Ten Ways to Protect Your Network From Insider Threats

Insiders -- the people who already have access to your network -- can do a lot more damage than a hacker who's still outside the firewall. Learn ways to minimize your risk from the insider threat.

By Paul Rubens | Posted May 18, 2010
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Insiders -- people who work within your organization -- pose a huge potential risk to network security. That's because while hackers and other outsiders have to break in to your network and gain access to systems and data, many insiders have valid credentials to log on quite legitimately and access the systems and data they need to carry out their jobs. Unless appropriate steps are taken, it can be quite trivial for employees to copy your confidential data on to a memory stick and walk out the door, install a logic bomb to destroy data in the future, or set themselves up with login credentials to ensure that they have access to your systems even after they have left your employment.

Here are ten things you can do to protect your network from the insider threat:

1. Screen potential new employees before you hire them





According to CERT, over 30 percent of insider attacks are carried out by people who have criminal records at the time that they are hired. Basic checks can help you identify prospective employees with a history of fraud or theft, while in certain industries it may also pay to have a third party carry out more specialist background checks to try to identify industrial spies or agents from foreign governments.

2. Look out for changes in employee behavior





Many attacks carried out by insiders are motivated by a desire for revenge for a perceived slight -- failure to get a promotion or a pay rise, for example. "These people are often unusually emotional at work and display a change in behavior," says Michael Davis, CEO of Chicago-based security consultancy Savid Technologies. Things to look out for include a drop in work performance, arriving late, and yelling or other inappropriate work conduct. Once identified, these employees should be closely monitored for malicious activities including data theft, and also preparatory activities, Davis says. "If someone has read on the Internet how to put a logic bomb on your network to destroy your data after they have left, they will have to put a script or series of programs on your systems, and they will usually have to test it. When they try it out on your network, that is your opportunity to detect it," says Davis.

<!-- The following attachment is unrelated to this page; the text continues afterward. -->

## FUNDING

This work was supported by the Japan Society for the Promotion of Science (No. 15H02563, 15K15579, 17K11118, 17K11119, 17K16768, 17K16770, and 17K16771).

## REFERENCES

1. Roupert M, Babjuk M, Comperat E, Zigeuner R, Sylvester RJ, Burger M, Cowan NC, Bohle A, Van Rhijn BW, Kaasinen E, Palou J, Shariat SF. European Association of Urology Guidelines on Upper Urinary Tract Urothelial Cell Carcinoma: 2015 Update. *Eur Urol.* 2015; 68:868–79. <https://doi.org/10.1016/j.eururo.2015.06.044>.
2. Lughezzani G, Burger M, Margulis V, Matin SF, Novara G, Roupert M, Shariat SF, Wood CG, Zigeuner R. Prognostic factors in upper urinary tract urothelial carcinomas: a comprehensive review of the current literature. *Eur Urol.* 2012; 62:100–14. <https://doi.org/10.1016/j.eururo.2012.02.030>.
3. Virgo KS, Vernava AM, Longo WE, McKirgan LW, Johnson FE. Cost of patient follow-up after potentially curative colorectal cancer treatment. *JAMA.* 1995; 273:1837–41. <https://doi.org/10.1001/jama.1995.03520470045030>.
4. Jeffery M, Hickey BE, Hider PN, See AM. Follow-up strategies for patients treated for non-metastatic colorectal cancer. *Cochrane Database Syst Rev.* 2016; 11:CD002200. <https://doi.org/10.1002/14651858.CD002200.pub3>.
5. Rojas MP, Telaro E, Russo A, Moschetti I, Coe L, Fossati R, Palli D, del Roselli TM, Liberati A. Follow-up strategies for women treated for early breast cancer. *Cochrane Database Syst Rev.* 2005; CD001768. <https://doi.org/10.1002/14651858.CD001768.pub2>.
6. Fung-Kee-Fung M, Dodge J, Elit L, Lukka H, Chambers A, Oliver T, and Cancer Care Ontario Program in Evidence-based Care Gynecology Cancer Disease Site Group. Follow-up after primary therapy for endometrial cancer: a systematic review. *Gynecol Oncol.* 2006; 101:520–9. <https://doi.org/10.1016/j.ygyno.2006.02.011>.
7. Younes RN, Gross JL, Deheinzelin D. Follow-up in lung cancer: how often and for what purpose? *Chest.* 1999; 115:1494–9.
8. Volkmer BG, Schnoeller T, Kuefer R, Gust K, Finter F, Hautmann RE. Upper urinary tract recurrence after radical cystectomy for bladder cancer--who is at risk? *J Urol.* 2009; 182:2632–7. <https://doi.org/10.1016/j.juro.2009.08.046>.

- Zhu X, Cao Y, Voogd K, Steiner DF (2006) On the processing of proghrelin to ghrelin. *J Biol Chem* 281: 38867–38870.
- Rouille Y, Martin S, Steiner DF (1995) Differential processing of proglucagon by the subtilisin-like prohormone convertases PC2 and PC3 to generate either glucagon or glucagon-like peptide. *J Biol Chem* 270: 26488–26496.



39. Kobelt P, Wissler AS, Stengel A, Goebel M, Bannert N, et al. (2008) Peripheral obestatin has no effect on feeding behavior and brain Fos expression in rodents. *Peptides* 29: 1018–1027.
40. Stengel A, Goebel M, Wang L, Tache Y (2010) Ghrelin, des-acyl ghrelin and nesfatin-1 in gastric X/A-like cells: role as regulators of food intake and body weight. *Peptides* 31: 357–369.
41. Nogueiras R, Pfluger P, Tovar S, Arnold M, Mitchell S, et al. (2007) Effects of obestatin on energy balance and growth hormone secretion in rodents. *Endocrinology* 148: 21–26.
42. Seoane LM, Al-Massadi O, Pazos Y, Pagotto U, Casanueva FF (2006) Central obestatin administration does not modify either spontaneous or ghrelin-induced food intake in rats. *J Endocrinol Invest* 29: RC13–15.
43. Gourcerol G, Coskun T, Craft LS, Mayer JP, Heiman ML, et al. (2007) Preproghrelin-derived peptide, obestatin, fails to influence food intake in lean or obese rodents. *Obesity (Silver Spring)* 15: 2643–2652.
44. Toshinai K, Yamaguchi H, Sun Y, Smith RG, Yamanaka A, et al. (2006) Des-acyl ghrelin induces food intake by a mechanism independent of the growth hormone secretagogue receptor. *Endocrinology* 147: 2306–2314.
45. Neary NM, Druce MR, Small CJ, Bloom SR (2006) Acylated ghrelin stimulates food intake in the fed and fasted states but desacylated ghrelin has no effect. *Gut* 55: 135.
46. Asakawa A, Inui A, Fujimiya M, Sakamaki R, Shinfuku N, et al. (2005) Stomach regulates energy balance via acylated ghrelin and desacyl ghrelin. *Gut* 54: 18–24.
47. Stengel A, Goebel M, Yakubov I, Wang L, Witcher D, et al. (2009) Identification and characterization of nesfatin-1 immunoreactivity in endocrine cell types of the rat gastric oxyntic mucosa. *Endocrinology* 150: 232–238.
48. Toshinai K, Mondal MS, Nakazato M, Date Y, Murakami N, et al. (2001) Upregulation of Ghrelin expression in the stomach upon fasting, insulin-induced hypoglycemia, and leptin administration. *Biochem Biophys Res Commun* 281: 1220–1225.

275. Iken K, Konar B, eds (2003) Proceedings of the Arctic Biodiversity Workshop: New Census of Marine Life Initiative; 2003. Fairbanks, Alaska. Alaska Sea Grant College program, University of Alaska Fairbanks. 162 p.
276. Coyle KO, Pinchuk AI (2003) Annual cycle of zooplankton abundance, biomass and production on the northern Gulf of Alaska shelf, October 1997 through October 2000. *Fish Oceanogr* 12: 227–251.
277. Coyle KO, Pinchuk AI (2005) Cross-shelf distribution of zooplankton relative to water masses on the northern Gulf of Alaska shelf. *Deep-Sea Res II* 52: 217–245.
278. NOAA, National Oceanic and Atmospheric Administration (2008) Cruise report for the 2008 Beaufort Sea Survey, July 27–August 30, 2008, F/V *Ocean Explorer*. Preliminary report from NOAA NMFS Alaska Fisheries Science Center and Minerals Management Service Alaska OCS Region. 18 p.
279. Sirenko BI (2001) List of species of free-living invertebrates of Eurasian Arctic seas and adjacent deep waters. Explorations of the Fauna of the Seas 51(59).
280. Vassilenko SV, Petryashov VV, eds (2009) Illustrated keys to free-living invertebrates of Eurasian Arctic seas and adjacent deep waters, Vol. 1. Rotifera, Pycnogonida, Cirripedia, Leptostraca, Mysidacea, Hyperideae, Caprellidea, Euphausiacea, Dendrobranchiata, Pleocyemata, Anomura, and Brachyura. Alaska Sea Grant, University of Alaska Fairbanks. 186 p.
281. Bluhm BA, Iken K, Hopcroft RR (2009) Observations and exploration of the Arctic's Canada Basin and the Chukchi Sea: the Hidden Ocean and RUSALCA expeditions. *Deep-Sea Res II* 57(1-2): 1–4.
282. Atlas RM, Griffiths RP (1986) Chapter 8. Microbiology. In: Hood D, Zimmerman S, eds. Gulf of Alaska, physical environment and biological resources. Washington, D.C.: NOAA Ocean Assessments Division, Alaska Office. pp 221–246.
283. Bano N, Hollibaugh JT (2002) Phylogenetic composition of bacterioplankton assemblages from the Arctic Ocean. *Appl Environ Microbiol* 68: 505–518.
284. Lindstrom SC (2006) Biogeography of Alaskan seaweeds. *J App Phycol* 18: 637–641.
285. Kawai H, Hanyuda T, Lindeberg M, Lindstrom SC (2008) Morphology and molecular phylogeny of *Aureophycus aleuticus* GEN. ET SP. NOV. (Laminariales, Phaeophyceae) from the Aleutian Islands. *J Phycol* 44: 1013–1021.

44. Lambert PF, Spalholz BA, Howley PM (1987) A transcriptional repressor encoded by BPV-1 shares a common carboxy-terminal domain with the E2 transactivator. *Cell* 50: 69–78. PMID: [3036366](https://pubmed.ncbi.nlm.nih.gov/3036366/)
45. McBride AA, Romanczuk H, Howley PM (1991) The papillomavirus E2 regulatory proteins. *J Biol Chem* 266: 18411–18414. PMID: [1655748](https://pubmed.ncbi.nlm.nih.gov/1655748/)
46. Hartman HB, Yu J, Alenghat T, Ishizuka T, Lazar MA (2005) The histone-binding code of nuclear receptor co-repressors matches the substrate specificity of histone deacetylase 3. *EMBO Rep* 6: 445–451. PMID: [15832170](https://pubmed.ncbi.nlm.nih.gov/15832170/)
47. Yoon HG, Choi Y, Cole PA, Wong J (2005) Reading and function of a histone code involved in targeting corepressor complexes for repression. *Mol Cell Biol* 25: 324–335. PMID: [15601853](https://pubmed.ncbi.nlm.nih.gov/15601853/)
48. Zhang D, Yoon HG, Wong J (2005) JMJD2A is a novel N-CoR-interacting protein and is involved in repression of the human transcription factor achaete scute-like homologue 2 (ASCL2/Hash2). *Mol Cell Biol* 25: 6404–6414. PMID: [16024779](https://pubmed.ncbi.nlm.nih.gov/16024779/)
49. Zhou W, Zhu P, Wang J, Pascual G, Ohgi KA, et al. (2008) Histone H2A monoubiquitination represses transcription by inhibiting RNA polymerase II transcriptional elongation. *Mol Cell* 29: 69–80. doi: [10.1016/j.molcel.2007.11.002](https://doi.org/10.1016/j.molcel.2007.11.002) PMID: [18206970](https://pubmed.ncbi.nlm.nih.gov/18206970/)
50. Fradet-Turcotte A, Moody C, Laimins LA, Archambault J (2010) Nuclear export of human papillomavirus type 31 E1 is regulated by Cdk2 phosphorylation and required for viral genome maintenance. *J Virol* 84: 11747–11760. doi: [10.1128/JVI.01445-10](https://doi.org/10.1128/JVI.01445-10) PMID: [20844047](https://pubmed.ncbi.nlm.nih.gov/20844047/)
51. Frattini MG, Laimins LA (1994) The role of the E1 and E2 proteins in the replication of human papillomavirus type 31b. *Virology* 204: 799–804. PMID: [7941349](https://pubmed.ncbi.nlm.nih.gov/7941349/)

3. Publicize you security policies





Well meaning employees who take data home to work on a laptop and then lose it, or who write their passwords down on Post-IT notes where colleagues can see them, also pose an insider threat -- albeit without malicious intent. The best defense against these threats is to remind people continually of your security policies and the reasons why these policies exist. It may also be appropriate to remind employees of the consequences to them of failing to adhere to security policies or any other negligent behavior.

4. Carry out exit interviews





68 percent of insider attacks are carried out by former staff within three weeks of leaving, according to CERT. An exit interview is an opportunity for you to remind staff leaving your organization of the consequences of any illegal actions. Some organization present employees with printouts of recent emails or Web sites that they have visited to reinforce the message that their actions have been monitored. "If a staff member gets fired, he may go and have a beer, and start thinking about revenge. If you talk to him about the security precautions you have in place, and mention the consequences of revenge attacks including prosecution, this may go a long way to preventing such action," says Davis.

5. Implement end point data leak protection





59 percent of staff that lose their jobs take confidential corporate information with them on a DVD or USB drive, according to the Ponemon Institute. End point security systems aim to restrict what portable storage devices can be used, and by whom, and to monitor what information is copied. Such systems can be useful in making it harder to copy information maliciously without being detected, but can't prevent a trusted insider with authority to copy data from doing so maliciously.

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